From a very early age, four, five, six years old, I knew I would be a musician. I was driven really early on. I come from a family of six boys but I came about seven years later. So I was exposed to some great rock ‘n’ roll early, early on. My brother, who was my number one influence, was a bass player in a rock band. I idolized him, thought it was cool. I was already playing at that time and I’d go watch him. It was great. I never said that I wanted to be a rock star but I did say that I wanted to be a professional musician.
Knowing that difference is important and there’s a certain discipline that goes along with learning how to live in that way, not necessarily having a lot of money but having a life that’s filled with art.
Lately, I’ve tried to be a more aligned human being and I’ve been trying to simplify more than gain. As I’ve done that I think more things have opened up to me. I think that early on, as a musician, you’re forced into living a simple life. You might not have multiple TVs in your apartment. You might not have multiple rooms.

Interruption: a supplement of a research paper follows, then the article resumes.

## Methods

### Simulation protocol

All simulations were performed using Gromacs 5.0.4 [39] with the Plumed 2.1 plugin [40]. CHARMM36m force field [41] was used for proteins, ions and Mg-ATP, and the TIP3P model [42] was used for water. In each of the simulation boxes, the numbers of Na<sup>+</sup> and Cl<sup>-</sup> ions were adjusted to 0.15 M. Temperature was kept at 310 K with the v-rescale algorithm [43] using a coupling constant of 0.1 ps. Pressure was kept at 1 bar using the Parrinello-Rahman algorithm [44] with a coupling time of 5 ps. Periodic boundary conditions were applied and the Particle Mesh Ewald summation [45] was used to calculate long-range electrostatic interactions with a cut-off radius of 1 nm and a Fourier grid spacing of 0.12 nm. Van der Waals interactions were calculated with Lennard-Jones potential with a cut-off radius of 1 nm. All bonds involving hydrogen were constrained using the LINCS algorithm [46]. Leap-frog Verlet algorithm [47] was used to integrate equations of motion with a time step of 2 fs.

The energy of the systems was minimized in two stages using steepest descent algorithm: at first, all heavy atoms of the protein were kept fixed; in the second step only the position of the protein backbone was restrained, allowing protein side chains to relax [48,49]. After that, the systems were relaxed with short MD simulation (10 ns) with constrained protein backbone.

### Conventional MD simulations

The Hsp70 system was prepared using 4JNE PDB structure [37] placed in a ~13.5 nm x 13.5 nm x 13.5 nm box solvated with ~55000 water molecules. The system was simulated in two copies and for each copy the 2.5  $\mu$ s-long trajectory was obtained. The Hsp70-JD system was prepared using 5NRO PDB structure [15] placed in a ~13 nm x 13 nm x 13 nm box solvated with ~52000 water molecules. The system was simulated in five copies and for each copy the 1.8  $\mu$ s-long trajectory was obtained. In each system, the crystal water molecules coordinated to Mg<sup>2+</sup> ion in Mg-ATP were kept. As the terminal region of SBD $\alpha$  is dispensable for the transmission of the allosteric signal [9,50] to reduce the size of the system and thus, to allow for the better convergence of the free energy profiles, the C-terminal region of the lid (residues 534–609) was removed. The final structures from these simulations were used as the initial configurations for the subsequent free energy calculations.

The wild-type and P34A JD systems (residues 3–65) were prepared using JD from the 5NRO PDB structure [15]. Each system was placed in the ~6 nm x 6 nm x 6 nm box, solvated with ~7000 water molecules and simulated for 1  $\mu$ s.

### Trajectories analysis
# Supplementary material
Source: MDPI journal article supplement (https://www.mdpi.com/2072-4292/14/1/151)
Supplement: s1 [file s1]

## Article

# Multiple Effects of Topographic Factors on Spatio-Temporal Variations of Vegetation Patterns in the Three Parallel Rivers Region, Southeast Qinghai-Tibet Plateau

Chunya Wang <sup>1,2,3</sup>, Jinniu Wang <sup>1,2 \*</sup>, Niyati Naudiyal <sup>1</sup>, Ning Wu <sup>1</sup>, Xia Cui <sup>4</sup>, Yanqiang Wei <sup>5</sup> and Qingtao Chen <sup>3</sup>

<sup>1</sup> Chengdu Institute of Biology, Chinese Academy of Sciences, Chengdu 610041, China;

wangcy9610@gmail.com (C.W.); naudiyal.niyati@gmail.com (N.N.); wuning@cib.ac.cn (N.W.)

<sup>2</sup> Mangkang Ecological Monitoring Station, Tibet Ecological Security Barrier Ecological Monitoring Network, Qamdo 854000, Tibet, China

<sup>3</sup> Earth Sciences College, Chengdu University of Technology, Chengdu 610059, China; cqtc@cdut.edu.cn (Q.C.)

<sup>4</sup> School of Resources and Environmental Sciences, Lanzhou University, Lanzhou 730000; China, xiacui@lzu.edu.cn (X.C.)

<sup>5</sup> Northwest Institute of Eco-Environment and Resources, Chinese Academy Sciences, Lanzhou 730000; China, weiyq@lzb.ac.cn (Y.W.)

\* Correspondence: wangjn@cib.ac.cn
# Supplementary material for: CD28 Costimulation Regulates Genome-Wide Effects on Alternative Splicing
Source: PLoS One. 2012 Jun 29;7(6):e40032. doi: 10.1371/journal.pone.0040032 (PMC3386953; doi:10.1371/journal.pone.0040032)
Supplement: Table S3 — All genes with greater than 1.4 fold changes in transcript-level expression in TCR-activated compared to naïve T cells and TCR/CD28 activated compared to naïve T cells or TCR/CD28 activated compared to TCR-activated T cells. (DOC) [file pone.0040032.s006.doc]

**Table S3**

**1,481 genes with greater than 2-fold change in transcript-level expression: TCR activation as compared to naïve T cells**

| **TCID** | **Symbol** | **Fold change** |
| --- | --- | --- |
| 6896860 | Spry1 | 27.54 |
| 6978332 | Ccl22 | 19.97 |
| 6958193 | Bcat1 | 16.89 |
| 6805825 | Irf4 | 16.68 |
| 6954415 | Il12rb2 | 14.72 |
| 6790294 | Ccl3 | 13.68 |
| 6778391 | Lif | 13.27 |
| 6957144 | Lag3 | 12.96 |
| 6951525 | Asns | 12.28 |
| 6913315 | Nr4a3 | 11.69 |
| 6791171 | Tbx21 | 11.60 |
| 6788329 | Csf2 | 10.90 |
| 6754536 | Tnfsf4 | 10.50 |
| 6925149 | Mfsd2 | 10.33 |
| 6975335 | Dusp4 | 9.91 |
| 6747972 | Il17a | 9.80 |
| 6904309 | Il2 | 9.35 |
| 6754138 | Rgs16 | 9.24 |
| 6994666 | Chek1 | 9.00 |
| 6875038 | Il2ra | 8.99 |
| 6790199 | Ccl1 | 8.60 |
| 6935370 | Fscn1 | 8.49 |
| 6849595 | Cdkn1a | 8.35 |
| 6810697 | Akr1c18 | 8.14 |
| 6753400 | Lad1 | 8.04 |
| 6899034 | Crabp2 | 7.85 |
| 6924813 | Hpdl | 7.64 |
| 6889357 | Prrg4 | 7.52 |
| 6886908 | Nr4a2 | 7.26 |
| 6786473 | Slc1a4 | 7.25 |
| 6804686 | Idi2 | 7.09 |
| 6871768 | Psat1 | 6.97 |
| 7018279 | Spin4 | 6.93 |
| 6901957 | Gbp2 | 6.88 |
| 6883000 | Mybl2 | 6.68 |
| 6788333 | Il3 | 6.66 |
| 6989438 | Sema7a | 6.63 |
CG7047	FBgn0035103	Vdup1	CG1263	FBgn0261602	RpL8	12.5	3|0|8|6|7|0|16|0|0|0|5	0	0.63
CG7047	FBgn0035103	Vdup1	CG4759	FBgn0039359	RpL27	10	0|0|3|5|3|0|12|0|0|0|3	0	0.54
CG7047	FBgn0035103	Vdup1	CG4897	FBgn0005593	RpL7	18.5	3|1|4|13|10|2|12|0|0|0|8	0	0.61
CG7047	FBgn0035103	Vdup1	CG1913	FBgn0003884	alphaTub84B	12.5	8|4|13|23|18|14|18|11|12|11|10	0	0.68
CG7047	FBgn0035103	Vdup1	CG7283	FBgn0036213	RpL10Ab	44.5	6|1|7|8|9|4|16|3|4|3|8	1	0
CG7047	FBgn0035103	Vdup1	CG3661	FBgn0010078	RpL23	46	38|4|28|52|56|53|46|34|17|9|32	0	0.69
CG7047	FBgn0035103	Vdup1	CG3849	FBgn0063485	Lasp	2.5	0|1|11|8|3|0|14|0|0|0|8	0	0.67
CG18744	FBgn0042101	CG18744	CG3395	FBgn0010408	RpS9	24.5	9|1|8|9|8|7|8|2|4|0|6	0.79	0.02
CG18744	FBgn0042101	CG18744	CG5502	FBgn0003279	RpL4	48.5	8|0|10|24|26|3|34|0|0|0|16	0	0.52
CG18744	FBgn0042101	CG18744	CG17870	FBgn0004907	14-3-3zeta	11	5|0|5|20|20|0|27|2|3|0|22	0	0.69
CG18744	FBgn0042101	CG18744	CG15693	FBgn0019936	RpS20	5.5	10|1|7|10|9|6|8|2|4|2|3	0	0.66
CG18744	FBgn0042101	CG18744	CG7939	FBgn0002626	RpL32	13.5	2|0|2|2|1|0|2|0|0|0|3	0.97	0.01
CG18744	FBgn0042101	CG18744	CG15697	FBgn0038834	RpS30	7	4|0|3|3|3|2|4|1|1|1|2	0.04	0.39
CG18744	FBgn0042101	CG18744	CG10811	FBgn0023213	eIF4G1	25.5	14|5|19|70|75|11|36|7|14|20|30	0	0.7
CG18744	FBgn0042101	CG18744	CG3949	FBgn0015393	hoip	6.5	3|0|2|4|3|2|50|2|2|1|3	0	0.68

So, with all the stuff going on in your life were you determined to make a certain kind of record, from an emotional perspective?
I’m always writing, the gears are always turning. I knew that I wanted to get this record out this year. It just so happened that there were a lot of experiences and emotions that I was able to draw from.
You did almost everything on this record yourself. Do you take a pretty direct line from start to finish or do you find yourself tinkering with ideas for a long period?
Some things have to cook a bit. But “For Those Who Die” came right out, directly from my parents’ passing. I sat in the studio a few days after everything was done, trying to make sense of my emotions. I wrote the lyrics out without a scratch mark, picked up my guitar, laid the main riff down and probably had the main tune done within an hour.
Your songs are notable for their hooks, that’s not an art that everyone’s acquainted with.
I’m a melody guy. Great, fast guitar playing, killer drums that can be fantastic but I’ve always thought if you listen to a tune you should walk away humming something, whether the lyrics or the guitar solo. It’s gotta move you in some way.